A great deal of debate still exists over whether Kennedy was planning implementation of another post-1964 election plan that would have flown further in the face of Eisenhower’s originally-named American “Military-Industrial-Congressional Complex”. That much-discussed plan was a lessening of direct American involvement in Vietnam. That involvement in the fall of 1963 was 16,000 “advisors” compared to the half million combat troops that would be sent there after his death. If true, as key Kennedy insiders assert, that plan reflected JFK’s growing belief that the Vietnam conflict was ultimately a civil war that would have to be won or lost by the South Vietnamese themselves – a decade and the bulk of 65,000 American and two million Vietnamese lives later that belief proved correct.

Many years after the fact I heard a European investigative report that quoted Kennedy archives indicating his ambassador to South Vietnam, Henry Cabot Lodge, reporting back to Washington that presidential directives relayed through the embassy in 1963 ordering CIA operatives in country to back off of aggressive covert actions, including assassinations, were simply being ignored in the field. I wondered then if those “rouge” CIA elements had an inkling those directives would soon change despite Kennedy’s overwhelming popularity as the1964 election approached?

No, probably just a coincidence that Kennedy was soon shot down like a rabid dog on a parade route whose path had been realigned that day to go down Elm Street in front of the Texas School Book Depository in a town whose mayor was reportedly the brother of Allen Dulles’s former military liaison officer.

Coincidence too, I expect that a former Marine named Lee Harvey Oswald worked in that School Book Depository. Oswald was the prodigal American son, who had “defected” to the Soviet Union with a perfect command of the Russian language following his assignment to a top-secret American military intelligence base in Japan from which American U-2 spy flights were launched over the Soviet Union. Later, the prodigal son would reconsider that defection – perhaps because the Soviets thought he was an American spy and kept a close check on him. I sometimes wonder at the benevolence of a nation that would welcome back its prodigal son with camera equipment to start a “new” career, rather than a little prison time for his alleged departure with top-secret information that was claimed to have compromised America’s U-2 spy missions. But how could his native land stay mad at the whimsical Oswald, who despite his highly public pro-Castro activities in New Orleans, cultivated associations with a number of right-wing, anti-Castro associates based in both New Orleans and Miami as he “floundered” philosophically in the years between Russia and Dallas?

Above, JFK and Ike at Camp David in the days after the failed Bay of Pigs invasion of Cuba – likely when the sitting president found out he had been lied to by the CIA about the previous president’s authorizations, or lack thereof, for a CIA-sponsored invasion of Cuba. Photographer Paul Vathis wrote ‘They looked so lonely.’ Below, Vathis’s photo juxtaposed on the wall of the Newseum in D.C. with mob-connected Jack Ruby’s silencing of Lee Harvey Oswald, who died claiming he was set up as a patsy in the JFK assassination. JFK photo sources, credits: Public Domain; White House Photographs; John F. Kennedy Presidential Library and Museum, Boston; Robert Knudson; Paul Vathis; Abraham Zapruder; “The Men Who Killed Kennedy” Nigel Turner-produced British TV documentary series; AP; Roger Bianchini at Newseum, Washington D.C.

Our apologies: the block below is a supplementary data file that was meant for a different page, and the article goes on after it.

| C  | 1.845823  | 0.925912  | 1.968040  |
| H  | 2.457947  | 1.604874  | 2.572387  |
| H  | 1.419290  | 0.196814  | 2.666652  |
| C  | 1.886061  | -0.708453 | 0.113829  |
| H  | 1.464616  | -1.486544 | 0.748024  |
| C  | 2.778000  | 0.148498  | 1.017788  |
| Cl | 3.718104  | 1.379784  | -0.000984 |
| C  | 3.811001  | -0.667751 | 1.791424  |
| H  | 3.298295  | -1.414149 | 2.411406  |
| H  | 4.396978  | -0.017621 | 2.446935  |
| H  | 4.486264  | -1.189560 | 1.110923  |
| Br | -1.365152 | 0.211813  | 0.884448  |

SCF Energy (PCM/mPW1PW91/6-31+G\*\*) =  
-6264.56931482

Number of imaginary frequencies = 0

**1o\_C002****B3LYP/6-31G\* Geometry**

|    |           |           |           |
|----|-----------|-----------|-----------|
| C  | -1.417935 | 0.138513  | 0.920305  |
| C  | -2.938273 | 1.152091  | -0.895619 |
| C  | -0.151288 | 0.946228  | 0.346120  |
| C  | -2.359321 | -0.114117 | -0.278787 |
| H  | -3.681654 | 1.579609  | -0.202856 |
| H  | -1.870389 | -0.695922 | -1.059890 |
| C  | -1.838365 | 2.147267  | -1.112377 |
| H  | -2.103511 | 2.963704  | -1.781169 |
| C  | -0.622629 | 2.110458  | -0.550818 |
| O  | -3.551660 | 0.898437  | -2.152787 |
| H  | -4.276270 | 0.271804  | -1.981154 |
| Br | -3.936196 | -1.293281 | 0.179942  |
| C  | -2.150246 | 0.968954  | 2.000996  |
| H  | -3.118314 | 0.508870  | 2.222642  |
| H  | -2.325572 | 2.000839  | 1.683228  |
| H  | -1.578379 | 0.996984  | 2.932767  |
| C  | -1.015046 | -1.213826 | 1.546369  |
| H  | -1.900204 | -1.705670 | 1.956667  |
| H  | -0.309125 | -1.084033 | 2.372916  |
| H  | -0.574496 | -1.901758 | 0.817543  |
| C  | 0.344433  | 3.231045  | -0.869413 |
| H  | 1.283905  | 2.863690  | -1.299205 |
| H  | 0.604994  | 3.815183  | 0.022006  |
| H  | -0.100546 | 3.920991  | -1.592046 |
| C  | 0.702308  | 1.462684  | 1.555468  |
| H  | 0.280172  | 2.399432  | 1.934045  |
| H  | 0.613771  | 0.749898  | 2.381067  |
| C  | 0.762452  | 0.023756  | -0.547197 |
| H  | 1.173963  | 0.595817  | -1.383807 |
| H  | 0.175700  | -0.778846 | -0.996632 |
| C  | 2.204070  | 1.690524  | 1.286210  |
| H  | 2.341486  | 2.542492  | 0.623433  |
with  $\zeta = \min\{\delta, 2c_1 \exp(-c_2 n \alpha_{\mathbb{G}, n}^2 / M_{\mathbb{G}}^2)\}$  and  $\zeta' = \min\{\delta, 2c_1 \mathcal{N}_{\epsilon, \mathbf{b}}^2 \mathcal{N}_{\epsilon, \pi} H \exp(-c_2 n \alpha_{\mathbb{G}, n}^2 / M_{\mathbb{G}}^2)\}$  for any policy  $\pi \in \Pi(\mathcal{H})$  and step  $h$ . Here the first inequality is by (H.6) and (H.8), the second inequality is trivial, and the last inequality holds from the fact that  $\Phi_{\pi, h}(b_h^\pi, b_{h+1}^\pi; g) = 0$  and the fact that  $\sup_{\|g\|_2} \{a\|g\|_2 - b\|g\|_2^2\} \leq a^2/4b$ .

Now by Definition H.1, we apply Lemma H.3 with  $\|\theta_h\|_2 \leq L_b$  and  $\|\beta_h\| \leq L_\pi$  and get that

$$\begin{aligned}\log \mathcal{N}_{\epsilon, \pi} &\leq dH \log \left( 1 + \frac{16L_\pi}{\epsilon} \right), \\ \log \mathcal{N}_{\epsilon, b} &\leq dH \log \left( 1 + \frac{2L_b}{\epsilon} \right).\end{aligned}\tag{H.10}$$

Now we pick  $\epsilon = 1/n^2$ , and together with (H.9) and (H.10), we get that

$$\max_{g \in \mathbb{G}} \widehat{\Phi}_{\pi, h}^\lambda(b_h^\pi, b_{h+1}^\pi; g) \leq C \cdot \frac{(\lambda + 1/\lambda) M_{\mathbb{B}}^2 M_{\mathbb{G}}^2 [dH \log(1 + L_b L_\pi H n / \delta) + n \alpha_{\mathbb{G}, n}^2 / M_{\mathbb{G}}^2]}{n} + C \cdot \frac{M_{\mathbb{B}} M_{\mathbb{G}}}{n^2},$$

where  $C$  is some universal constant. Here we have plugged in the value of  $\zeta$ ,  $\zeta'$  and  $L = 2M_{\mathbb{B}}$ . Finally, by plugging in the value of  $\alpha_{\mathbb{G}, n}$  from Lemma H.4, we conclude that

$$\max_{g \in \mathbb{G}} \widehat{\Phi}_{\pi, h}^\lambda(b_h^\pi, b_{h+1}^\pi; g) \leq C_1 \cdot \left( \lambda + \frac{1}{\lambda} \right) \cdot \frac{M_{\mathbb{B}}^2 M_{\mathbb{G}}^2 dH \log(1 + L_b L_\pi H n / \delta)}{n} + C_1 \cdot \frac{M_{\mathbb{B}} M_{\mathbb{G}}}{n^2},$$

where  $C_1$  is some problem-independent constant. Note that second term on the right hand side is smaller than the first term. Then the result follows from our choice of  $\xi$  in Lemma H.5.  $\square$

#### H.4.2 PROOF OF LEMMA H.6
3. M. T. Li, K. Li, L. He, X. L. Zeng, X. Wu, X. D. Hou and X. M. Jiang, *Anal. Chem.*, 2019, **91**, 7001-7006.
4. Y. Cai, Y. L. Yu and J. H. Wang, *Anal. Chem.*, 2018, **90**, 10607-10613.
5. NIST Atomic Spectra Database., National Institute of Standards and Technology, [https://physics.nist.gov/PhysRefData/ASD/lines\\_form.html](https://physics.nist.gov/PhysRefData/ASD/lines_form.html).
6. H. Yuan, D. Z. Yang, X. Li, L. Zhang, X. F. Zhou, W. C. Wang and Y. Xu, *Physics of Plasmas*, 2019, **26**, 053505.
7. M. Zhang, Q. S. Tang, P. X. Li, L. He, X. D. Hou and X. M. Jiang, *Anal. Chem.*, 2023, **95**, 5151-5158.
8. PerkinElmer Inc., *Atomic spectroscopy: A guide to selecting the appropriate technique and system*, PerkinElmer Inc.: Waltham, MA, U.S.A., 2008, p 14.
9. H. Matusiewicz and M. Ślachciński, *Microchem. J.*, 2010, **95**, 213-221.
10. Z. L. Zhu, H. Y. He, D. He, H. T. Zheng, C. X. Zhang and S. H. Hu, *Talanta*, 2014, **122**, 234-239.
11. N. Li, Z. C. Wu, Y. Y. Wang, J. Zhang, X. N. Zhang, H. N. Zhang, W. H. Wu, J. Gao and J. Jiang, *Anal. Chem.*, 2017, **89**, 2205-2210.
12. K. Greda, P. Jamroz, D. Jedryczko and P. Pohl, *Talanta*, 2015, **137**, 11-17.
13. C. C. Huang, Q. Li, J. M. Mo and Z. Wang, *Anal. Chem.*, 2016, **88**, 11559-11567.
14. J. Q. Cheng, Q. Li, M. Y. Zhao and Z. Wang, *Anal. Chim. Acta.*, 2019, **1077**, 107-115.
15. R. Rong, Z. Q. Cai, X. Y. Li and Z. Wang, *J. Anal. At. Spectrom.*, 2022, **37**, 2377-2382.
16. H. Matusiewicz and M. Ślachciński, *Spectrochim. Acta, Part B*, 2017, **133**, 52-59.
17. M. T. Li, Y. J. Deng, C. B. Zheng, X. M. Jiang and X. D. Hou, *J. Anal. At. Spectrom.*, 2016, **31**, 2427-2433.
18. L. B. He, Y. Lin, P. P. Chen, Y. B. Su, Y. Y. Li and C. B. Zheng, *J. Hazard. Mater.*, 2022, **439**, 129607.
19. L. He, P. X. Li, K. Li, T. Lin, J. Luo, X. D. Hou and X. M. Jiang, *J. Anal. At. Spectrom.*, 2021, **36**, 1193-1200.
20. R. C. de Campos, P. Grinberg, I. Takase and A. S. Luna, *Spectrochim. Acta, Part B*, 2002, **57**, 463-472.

Pondering these things after launching my own college term paper research on the JFK assassination in 1969, I told my mother, “There are circumstances leading a lot of people to think your old (CIA) bosses were behind it.”

“I wouldn’t be surprised, the way they talked about him,” she surprised me with a frank appraisal of her early 1960s superiors at the top of the American intelligence apparatus.

Now 43 years gone I am the paranoid-tinged, conspiracy freak sitting alone in the dark corners of dark bars, reflecting on the familiarity of low times and low lies glowering at me from the “enduring freedom” of a television screen hovering slightly above my still focused eye.

And 43 years gone from that long lost childhood football game I find myself choking down one final coincidence – that the U.S. president gesturing at me from that screen explaining the necessity of this country’s ongoing military-industrial occupation of Iraq, one of the world’s two primary oil fields, and the ultimate evil of its oil-rich neighbor Iran, is heir to a family legacy the roots of which run deep into Texas oil, American politics and the directorship of the CIA.


Roger Bianchini
Front Royal, Virginia

First published on November 22, 2013 as part of a pull-out section of the Warren County Report on the ongoing significance of the assassination of President John F. Kennedy 50 years later.

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Historical Forgiveness

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historically speaking

For me, Heaven will not be Heaven unless there is a history symposium at least once a week. For this week’s symposium they are going to have to set out extra chairs to handle the larger than normal crowds, for I am sure the special guest will be Dr. James I “Bud” Robertson. Dr. Robertson died November 2 at 89-years-old. Simply put, in my humble opinion, Dr. Robertson is the greatest Civil War scholar and teacher ever. Some of his teachings have fallen out of favor today, but I believe what he stood for and taught are as important today as they ever were. I did not plan on discussing the Civil War in this column, but with the passing of this giant in the historical world, I want to dedicate this week to him.